An Introduction to Cyclocross

Disclaimer: This may come as a shock to most of our reader base, but this story covers races involving skinny-tired bikes. If you can’t stand to see a bike with anything less than a 2-inch tire, click “back” now, as you may not be able to handle the words written below.

Somehow, I had not heard of cyclocross until a few years ago while I was following the internet cycling rabbit hole through its many twists and detours. I recall seeing a cyclist with what looked to be a road bike perched atop his shoulder, running up a hill, covered in mud. “Why didn’t that fool just ride a mountain bike?” I wondered. Regardless of my initial impressions upon seeing this wayward roadie’s sprint, the seed had been planted deep in my cycling psyche.

Here's a safety photo of a mountain biker, just in case you can't stand the sight of skinny tires
Here’s a safety photo of a mountain biker, just in case you can’t stand the sight of skinny tires

As I became more invested in cycling over the years, I never could forget the image of the mud-covered cyclist with the narrow tires. There had to be some reason for the masochism, some reason that he would have insisted on wearing a roadie kit while racing through a muddy field, some reason that he had shunned his mountain bike that day. I started researching this so-called “cyclocross,” and became intrigued by what I saw: droves of riders sprinting through what looked to be an obstacle course delineated and demarcated by drunkards, gracefully unclipping and leaping over barriers, then flinging themselves back over the saddle without the faintest pause.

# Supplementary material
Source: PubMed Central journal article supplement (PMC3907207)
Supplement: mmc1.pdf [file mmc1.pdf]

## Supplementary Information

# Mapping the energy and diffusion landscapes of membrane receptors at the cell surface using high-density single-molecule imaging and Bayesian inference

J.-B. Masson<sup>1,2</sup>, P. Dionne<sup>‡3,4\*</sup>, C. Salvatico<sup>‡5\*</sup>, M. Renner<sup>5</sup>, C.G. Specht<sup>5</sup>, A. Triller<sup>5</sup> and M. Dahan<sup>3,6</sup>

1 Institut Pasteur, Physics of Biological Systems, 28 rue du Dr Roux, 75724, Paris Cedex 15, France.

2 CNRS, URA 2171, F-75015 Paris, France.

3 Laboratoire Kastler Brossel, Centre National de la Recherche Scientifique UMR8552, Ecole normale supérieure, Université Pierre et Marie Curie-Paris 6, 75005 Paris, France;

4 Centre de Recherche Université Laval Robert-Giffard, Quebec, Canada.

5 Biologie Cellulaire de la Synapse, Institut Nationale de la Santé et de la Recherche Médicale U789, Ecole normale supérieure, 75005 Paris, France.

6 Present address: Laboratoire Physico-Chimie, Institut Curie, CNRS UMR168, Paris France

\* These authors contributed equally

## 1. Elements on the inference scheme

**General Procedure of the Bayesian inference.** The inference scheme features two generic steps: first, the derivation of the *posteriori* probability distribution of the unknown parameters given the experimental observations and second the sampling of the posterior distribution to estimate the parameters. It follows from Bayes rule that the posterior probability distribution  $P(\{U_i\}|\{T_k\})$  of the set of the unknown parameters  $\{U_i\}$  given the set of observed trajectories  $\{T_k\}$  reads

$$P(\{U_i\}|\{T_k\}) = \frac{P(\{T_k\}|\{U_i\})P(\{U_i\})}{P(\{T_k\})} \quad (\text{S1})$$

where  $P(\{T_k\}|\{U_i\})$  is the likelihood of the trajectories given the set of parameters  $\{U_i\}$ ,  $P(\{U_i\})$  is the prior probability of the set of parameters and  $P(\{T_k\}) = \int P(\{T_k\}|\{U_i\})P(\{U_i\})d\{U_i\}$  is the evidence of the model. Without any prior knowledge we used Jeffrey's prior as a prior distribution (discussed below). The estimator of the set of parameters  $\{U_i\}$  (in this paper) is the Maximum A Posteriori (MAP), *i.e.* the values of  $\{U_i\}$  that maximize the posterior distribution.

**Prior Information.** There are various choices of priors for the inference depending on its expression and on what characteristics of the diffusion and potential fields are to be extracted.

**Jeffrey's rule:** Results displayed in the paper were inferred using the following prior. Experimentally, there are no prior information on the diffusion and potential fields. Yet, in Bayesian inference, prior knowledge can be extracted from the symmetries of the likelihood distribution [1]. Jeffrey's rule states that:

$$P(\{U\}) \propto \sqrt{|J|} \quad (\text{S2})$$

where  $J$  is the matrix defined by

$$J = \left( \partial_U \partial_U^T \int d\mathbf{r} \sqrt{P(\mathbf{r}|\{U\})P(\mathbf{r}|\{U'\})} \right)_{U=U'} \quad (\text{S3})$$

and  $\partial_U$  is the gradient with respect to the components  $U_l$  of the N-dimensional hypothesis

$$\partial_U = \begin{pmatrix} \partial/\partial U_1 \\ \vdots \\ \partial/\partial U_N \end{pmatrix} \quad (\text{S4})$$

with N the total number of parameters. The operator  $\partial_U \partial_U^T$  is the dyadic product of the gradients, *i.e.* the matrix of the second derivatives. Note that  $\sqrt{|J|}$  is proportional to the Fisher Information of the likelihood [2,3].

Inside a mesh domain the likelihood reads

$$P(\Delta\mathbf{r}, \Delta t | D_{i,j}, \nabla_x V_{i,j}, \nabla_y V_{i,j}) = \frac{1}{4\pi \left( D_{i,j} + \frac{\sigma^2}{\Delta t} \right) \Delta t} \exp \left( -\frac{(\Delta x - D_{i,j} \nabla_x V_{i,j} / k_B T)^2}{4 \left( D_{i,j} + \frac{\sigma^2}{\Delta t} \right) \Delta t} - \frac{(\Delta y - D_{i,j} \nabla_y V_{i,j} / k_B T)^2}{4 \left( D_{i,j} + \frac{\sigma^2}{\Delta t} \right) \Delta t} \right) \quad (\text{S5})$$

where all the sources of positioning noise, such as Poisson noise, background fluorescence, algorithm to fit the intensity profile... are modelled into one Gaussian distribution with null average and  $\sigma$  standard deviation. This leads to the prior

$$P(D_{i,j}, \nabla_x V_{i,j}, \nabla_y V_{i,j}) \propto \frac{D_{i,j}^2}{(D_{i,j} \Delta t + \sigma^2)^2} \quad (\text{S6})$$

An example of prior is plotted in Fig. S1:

After the ArcticMTB club’s race season ended, rather than seeing fellow riders grimacing and talking about how unbearable the off season’s going to be, I saw a spark in their eyes, a devilish grin, and heard talk about how they can’t wait for the first ‘cross race. I thought I’d try it out and see if all the hullabaloo was well-deserved. However, there was one minor detail–I had no bike to ride. Thanks to the wonders of social media, I had found my ride for the series within ten minutes of posting about my distinct lack of cyclocross bikes (thanks again, Katherine–you rock!) and was soon swapping pedals and getting ready for my first event.

A bit of a traffic jam at the barriers
A bit of a traffic jam at the barriers


The cyclocross racer’s bike can be thought of as a burlier version of the road bike, as it keeps a similar shape but uses larger tubing diameters and geometry tailored to be fast across a variety of less-than-ideal terrain. The most important distinction between the cross bike and its estranged road-going cousin is the larger wheel clearances that allow riders to use wide, aggressively-treaded tires. For UCI-sanctioned races, the maximum tire width is 33mm, though most local events don’t adhere so strictly to the rulebook and one can often see 42mm or wider tires wrapped to riders’ wheels.


Braking-wise, after an initially cold reception, the industry is now equipping more bikes disc brakes, though many still prefer using their trusty cantilever braking systems. Though every rider will have their preference on how a brake lever should actuate and how a pad should bite, one distinct advantage of a cantilever setup is its ability to quickly shed mud during racing.